Estimates of total flood fatalities in the U.S. range from 60-100 deaths per year on average [12]. While exact numbers for vehicle-related drownings are not always specified, applying the 63% proportion from some studies would estimate around 38-63 annual vehicle-related flood deaths [9][12]. More research is needed to determine precise averages, but the available data suggests vehicle-related drownings account for a significant portion of flood fatalities.

But what about now?

Even if there are changes to standards at some point in the future, the challenge for first responders to gain access through laminated glass is an issue and will continue as a legacy problem for some time. What we do know is the centre-punch and hammer type window breaking tools (i.e. Res-Q-Me) are not effective in breaching laminated glass [13]. Though there are tools to slide down to derail side windows from their internal mounting, once windows are up and water force laterally applied, they are difficult to impossible to be lowered. Though further research is needed in the context of effectiveness in shallow water, existing tools such as the Glas-Master (manual saw), Nemo waterproof reciprocating saw (battery powered), Halmatro T1 Forcible Entry Tool and BreachPen (thermal cutting wand) could be viable options for use in swiftwater.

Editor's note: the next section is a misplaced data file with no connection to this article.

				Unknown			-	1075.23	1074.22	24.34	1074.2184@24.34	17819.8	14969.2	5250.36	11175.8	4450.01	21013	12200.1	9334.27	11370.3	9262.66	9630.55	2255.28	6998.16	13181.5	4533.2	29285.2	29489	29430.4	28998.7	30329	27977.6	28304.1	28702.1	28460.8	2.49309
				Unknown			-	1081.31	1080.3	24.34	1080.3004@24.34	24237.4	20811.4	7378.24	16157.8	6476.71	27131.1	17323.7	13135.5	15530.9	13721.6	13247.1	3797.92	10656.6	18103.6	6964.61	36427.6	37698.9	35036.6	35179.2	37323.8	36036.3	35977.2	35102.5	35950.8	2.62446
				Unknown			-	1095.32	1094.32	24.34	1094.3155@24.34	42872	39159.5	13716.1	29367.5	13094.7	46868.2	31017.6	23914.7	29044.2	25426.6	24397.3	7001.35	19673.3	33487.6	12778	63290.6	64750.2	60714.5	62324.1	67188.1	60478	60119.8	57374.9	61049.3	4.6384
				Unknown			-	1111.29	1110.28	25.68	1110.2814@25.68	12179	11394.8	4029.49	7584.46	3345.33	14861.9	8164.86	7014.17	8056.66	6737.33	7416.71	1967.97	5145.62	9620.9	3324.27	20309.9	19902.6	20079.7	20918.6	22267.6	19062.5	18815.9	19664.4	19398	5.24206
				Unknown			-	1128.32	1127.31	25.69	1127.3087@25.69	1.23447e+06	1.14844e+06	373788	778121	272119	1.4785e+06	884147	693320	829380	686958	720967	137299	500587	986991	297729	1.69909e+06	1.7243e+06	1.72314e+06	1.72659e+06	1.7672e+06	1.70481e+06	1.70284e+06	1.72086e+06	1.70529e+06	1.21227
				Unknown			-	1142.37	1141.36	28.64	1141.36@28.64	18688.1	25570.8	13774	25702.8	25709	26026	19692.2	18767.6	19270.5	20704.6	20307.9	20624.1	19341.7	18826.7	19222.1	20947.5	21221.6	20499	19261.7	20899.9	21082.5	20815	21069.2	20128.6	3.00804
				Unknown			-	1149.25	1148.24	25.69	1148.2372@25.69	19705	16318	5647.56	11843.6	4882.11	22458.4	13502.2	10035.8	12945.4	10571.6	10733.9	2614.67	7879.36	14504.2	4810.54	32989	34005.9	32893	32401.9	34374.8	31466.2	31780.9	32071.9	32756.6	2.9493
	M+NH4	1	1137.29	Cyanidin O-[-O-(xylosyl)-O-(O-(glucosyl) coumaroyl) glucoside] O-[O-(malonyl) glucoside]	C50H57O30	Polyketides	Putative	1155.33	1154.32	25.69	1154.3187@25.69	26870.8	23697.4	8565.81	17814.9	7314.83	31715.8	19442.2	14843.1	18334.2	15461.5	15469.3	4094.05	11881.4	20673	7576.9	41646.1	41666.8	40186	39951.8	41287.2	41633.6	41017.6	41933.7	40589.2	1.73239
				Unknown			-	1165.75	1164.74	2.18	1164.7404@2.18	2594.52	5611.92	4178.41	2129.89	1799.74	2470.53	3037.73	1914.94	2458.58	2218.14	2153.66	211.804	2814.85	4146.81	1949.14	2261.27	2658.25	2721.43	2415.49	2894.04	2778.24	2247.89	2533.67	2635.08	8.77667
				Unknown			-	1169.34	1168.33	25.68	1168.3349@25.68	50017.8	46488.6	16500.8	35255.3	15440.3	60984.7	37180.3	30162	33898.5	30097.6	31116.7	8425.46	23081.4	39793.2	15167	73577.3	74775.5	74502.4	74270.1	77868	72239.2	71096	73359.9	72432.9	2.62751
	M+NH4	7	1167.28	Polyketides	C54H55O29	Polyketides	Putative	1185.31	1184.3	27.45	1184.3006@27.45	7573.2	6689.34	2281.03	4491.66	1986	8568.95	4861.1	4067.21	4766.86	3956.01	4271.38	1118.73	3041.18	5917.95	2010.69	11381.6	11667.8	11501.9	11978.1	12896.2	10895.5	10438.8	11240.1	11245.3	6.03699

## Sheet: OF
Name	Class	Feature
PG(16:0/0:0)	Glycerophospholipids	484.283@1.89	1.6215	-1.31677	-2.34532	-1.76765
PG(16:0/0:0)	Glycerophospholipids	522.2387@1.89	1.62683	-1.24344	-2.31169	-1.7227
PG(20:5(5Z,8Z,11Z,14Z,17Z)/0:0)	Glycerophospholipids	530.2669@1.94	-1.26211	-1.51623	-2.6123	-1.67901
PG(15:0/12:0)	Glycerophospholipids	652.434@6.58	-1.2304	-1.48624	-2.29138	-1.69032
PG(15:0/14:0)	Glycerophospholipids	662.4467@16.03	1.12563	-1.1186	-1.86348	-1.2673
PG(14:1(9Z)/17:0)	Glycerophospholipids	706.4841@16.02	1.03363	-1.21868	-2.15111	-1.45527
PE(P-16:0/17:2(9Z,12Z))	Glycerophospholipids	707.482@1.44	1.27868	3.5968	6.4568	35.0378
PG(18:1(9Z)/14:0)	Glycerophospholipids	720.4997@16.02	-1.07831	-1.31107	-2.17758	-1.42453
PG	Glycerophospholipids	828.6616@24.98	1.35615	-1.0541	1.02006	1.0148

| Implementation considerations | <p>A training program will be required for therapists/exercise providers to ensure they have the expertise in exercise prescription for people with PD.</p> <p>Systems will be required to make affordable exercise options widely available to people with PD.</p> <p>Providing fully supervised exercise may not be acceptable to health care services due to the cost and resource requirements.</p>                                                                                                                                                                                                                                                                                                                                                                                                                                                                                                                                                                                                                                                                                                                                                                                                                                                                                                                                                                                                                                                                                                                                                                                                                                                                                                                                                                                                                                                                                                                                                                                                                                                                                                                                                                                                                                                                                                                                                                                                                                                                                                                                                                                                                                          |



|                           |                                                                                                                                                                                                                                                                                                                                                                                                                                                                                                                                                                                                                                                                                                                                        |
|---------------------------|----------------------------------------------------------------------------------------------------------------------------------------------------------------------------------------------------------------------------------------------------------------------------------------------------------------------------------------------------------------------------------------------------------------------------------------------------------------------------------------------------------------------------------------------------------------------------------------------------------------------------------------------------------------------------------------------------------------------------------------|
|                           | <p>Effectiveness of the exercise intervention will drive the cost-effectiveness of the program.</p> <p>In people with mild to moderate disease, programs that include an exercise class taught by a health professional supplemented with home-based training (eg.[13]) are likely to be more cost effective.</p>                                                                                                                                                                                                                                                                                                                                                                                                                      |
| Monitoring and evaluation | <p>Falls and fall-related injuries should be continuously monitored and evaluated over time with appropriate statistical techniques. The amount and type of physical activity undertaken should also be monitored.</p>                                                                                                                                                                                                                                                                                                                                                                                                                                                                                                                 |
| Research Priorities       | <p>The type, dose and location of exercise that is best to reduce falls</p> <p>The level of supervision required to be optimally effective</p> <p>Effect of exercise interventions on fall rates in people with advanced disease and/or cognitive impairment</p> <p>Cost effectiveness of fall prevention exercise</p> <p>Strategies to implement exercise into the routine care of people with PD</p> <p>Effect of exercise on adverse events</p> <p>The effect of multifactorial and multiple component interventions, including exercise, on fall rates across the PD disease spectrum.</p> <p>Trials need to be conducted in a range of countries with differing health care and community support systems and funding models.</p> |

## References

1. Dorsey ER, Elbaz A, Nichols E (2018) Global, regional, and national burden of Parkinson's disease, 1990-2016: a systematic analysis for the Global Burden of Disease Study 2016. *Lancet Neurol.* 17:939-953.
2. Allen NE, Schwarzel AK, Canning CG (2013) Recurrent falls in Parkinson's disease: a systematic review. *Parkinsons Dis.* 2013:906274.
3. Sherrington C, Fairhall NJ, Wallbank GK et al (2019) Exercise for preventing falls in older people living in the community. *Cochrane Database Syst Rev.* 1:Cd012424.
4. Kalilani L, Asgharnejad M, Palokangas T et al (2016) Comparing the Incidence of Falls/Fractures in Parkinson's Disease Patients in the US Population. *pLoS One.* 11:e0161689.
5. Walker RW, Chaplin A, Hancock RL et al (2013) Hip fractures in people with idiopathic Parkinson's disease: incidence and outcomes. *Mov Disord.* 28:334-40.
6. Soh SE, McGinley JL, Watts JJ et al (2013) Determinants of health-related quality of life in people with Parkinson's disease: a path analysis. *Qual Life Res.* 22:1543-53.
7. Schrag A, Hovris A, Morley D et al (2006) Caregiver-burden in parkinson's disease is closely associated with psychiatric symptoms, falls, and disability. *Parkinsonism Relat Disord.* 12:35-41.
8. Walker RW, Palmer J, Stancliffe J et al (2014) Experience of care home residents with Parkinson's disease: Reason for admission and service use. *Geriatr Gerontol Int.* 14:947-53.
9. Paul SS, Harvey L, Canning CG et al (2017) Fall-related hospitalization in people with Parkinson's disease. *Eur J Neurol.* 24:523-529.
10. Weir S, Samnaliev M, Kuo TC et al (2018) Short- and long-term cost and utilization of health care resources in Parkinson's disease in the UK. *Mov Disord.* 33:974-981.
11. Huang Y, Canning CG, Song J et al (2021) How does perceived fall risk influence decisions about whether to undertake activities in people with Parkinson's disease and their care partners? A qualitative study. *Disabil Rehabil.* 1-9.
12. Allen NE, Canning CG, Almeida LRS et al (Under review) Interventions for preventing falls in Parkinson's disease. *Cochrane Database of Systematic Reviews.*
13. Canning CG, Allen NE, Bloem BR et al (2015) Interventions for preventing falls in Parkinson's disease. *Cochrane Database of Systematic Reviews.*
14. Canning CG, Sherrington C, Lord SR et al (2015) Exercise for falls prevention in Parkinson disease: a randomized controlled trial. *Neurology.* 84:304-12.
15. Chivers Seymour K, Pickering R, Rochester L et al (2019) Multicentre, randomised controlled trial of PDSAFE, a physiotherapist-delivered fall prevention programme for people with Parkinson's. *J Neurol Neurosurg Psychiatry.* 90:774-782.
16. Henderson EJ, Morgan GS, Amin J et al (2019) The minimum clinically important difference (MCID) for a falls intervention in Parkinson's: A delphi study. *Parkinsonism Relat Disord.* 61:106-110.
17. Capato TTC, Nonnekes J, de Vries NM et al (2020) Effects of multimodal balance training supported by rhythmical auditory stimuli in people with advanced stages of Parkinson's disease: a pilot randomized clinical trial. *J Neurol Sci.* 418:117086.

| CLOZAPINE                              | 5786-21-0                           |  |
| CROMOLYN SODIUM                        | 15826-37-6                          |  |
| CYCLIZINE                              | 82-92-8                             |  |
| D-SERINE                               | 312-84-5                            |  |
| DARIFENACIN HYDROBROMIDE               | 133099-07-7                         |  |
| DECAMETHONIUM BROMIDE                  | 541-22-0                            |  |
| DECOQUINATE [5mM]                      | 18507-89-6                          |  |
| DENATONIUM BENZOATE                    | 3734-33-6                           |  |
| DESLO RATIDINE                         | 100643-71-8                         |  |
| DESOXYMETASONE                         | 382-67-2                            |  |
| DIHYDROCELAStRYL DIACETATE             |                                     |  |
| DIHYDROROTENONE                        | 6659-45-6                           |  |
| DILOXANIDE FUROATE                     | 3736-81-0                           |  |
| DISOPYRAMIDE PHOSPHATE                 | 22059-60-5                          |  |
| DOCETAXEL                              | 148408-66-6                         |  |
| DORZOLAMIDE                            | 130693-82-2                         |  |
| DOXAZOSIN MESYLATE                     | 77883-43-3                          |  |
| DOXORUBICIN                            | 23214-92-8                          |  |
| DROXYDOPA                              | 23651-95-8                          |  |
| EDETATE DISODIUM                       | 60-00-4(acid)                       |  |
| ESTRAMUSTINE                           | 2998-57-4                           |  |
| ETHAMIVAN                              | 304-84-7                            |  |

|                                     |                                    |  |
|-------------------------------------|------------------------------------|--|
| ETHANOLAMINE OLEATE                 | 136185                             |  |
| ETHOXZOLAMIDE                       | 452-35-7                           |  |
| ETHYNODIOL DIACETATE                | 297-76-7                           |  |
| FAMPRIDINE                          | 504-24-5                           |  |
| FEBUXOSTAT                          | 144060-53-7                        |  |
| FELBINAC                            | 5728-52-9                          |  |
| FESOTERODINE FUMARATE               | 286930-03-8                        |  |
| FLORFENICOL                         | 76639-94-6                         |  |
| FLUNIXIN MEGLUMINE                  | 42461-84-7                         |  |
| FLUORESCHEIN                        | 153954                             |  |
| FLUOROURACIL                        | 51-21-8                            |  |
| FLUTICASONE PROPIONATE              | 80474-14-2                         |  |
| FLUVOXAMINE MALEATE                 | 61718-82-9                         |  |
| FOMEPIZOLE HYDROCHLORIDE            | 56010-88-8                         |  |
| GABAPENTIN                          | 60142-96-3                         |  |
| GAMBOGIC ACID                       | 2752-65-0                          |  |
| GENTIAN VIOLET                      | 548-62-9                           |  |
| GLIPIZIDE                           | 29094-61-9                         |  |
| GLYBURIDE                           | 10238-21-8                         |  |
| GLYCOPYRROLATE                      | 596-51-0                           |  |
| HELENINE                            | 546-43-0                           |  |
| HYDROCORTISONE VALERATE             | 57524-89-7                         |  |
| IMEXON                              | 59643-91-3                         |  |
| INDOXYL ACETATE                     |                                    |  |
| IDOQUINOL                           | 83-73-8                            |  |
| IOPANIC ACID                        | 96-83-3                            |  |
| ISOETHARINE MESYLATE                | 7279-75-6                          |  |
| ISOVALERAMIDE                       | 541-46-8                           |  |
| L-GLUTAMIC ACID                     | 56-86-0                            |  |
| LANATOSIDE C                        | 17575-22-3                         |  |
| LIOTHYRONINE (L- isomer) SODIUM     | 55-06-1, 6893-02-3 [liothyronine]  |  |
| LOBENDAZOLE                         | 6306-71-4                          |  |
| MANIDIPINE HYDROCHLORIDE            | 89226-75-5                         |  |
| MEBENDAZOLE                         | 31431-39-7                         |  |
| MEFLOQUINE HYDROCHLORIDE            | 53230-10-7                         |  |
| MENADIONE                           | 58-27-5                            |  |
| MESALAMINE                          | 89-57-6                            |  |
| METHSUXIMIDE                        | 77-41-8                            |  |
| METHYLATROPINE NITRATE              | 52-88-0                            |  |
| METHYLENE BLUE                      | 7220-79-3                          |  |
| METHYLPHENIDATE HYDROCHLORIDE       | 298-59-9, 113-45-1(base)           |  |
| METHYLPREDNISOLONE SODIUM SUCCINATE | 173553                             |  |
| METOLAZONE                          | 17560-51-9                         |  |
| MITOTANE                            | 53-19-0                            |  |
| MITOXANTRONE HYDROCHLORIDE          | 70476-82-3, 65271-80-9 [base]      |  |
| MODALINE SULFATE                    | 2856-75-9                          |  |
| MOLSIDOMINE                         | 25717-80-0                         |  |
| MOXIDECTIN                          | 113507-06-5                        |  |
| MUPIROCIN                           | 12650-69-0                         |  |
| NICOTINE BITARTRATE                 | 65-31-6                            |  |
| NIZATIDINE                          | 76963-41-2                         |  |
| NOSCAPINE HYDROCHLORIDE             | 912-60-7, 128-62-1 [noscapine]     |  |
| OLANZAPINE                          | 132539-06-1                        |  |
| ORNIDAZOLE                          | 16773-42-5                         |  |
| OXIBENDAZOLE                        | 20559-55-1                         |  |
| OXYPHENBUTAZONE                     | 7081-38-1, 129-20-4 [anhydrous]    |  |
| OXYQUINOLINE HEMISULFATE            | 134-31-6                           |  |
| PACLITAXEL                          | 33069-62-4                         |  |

Bariatric victim considerations

Based on the available data, there is a concerning trend of increasing obesity rates among adults in the United States, which may have implications for vehicle safety in emergency situations. According to the CDC, the prevalence of obesity among U.S. adults has risen significantly over the past few decades, with 42.4% of adults classified as obese in 2017-2018 [14][15]. This increase in obesity rates could potentially make it more difficult for some individuals to exit a vehicle through windows in emergency scenarios.